Engineers say Boeing pushed to limit safety testing in race to certify planes, including 737 MAX
In 2016, as Boeing raced to get the 737 MAX certified by the Federal Aviation Administration (FAA), a senior company engineer whose job was to act on behalf of the FAA balked at Boeing management demands for less stringent testing of the fire-suppression system around the jet’s new LEAP engines.
Boeing safety system not at fault, says chief executive
Boeing's boss has refused to admit that a system introduced in its 737 Max 8 aircraft was flawed following two fatal plane crashes.
Appearing in front of investors and the media, Dennis Muilenburg maintained the system was only one factor in a chain of events that led to the disasters.
But new reports have raised fresh questions about the plane's safety.
It has emerged that whistleblowers connected to Boeing contacted the US airline regulator about the system.
Boeing Didn’t Advise Airlines, FAA That It Shut Off Warning System
Accident investigators have linked bad data the system is designed to detect to the deadly Ethiopian Airlines and Lion Air crashes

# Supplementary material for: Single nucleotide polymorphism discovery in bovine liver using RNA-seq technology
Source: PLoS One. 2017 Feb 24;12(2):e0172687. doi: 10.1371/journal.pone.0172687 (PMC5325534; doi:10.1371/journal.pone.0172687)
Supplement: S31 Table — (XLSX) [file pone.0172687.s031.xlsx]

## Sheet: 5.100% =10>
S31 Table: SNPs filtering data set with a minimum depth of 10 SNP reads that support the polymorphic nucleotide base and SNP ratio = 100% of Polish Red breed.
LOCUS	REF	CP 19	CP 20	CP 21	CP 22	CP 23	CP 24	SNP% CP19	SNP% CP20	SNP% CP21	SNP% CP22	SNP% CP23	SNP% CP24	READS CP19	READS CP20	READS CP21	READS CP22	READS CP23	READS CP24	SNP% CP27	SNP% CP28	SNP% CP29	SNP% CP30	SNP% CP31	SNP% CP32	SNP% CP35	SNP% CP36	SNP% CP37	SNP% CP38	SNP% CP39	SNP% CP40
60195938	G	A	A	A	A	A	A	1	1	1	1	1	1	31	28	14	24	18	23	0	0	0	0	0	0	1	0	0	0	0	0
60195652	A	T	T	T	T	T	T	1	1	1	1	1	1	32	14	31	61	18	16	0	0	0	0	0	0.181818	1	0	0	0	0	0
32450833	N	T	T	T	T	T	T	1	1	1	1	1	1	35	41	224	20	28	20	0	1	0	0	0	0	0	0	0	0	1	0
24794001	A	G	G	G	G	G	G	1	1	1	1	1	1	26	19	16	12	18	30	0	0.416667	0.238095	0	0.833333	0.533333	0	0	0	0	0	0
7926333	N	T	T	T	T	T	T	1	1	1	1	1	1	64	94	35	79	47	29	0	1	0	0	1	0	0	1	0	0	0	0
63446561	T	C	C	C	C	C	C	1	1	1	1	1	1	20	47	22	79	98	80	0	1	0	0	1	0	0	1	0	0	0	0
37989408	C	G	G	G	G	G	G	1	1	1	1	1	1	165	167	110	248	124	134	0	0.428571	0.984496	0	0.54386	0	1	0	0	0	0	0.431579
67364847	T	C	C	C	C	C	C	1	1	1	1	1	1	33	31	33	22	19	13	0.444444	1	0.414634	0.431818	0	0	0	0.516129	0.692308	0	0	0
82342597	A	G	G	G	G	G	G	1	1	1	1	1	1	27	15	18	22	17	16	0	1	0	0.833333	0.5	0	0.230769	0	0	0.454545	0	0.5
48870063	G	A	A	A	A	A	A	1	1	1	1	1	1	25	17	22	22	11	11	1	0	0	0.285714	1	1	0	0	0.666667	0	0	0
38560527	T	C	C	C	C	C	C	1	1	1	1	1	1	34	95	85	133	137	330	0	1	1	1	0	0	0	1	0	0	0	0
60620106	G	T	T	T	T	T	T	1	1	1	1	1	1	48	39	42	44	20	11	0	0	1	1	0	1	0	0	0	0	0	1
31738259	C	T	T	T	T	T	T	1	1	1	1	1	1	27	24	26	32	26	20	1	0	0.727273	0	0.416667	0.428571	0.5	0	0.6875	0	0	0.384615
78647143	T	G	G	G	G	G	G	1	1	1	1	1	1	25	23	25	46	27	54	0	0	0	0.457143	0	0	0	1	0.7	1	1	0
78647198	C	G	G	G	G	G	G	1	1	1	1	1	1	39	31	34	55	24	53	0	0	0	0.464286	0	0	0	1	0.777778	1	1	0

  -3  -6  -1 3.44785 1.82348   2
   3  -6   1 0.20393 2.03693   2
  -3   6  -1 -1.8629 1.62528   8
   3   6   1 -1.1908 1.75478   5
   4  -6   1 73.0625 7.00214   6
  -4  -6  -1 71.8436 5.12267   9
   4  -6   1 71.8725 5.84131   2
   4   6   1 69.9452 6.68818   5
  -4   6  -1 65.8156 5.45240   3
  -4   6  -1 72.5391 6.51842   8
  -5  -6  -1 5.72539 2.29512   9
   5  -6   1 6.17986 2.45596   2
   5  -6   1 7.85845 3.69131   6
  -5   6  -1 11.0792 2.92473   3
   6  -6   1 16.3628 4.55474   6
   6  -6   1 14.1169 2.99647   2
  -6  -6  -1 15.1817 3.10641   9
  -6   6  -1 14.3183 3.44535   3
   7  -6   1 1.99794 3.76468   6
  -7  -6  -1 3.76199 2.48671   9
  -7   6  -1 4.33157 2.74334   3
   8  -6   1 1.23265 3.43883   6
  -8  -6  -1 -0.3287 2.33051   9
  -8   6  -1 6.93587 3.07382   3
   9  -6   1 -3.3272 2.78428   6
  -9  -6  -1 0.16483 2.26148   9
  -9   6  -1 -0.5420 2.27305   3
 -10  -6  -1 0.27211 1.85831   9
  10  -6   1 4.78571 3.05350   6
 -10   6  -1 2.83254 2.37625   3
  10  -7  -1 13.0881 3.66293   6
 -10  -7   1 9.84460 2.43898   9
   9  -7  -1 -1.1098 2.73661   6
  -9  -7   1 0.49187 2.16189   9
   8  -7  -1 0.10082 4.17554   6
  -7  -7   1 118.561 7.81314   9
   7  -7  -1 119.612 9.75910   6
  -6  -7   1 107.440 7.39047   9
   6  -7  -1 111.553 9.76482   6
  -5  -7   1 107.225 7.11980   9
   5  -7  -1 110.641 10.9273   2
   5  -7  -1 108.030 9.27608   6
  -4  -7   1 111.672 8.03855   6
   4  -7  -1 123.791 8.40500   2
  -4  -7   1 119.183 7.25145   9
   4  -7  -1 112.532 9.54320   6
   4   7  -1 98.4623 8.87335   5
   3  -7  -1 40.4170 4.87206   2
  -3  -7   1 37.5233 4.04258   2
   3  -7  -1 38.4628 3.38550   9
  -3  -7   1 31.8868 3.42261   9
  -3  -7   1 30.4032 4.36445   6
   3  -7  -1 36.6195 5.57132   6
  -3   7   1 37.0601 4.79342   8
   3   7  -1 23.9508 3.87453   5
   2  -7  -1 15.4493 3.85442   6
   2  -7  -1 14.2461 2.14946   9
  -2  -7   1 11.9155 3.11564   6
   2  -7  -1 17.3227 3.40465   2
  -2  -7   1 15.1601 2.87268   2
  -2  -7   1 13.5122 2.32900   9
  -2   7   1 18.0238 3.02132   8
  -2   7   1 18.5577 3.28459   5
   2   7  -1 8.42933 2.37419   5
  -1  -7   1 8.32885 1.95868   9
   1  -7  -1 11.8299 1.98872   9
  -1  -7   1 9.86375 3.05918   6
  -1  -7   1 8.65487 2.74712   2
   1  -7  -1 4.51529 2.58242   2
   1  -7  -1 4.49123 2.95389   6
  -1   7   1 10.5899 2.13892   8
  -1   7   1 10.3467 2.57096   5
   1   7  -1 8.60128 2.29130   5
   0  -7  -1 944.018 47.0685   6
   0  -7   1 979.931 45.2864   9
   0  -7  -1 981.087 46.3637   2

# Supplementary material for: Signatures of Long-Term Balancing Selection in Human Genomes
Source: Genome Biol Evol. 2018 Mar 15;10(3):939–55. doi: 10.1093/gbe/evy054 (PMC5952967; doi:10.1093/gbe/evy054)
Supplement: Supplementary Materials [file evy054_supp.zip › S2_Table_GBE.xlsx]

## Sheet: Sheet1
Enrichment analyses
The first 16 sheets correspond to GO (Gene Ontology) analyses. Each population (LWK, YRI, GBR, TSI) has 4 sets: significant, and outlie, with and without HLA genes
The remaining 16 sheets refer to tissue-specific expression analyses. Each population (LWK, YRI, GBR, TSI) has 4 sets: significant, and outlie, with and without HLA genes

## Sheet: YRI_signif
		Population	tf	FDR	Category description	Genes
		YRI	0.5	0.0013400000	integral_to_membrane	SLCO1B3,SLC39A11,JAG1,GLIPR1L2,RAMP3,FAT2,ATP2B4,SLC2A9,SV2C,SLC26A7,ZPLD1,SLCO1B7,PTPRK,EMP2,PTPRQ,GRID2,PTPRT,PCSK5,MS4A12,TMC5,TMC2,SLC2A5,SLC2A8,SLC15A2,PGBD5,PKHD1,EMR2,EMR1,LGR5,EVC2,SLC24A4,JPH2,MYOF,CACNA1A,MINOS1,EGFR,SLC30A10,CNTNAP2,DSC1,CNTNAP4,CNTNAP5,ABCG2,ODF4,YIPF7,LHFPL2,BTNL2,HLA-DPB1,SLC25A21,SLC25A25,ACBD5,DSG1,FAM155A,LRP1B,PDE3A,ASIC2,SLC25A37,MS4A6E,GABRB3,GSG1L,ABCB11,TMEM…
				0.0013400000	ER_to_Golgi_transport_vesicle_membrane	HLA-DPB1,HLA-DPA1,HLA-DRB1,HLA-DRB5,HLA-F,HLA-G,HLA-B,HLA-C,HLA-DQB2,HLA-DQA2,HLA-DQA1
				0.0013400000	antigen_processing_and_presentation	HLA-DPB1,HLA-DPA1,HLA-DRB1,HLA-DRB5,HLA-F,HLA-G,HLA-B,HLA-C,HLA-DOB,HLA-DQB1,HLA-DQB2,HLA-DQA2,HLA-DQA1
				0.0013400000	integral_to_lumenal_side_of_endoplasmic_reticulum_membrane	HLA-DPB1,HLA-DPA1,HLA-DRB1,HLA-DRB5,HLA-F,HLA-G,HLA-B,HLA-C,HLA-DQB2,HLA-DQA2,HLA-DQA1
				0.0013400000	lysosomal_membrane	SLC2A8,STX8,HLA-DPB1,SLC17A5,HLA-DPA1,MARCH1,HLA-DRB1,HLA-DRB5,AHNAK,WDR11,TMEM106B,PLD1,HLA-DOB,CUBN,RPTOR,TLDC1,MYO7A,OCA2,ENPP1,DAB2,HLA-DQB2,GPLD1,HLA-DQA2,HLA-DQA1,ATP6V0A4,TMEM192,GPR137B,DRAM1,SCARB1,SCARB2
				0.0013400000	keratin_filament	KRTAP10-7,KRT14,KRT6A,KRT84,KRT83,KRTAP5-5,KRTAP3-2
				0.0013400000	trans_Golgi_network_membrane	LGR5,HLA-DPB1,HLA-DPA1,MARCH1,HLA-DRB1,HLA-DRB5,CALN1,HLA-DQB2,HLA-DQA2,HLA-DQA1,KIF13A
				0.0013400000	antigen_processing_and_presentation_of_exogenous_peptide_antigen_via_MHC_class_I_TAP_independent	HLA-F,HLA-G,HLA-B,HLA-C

Boeing’s South Carolina Plant Subject to Increased Scrutiny
The Federal Aviation Administration has been increasing its scrutiny of Boeing’s plant near Charleston, S.C., where manufacturing errors have at times threatened to undermine safety.
Reuters: FAA directive mandates new changes to Boeing 787 Dreamliner
“The U.S. Federal Aviation Administration on Wednesday said it was mandating new flight control software and parts to Boeing Co’s 787 Dreamliner to address what it called an unsafe operating condition of certain products on the plane.
Boeing is ramping up inspections after the US Air Force rejected its new KC-46 tanker planes again
>The United States Air Force has once again rejected taking delivery of new Boeing KC-46 Pegasus tanker jets after discovering foreign object debris (FOD) left inside the aircraft by Boeing workers.
>According to the USAF, its inspectors found tools and other debris inside the planes.
>This is the second time in a month the Air Force has halted delivery of the KC-46 for the same reason.
>Boeing delivered its first KC-46 tanker in January.
Is this systemic? The focus seems to be on making money and not on safety. On making money and not on engineering. On making spreadsheets work not on making aircraft work. Being proud at the bottomline, not proud on delivering a good product. Has it gone too far with Boeing?
Disclaimer: I do not want to trash Boeing, but it seems to me that Boeing suffers from a decease where large companies suffer from, just profit maximisation, not optimisation.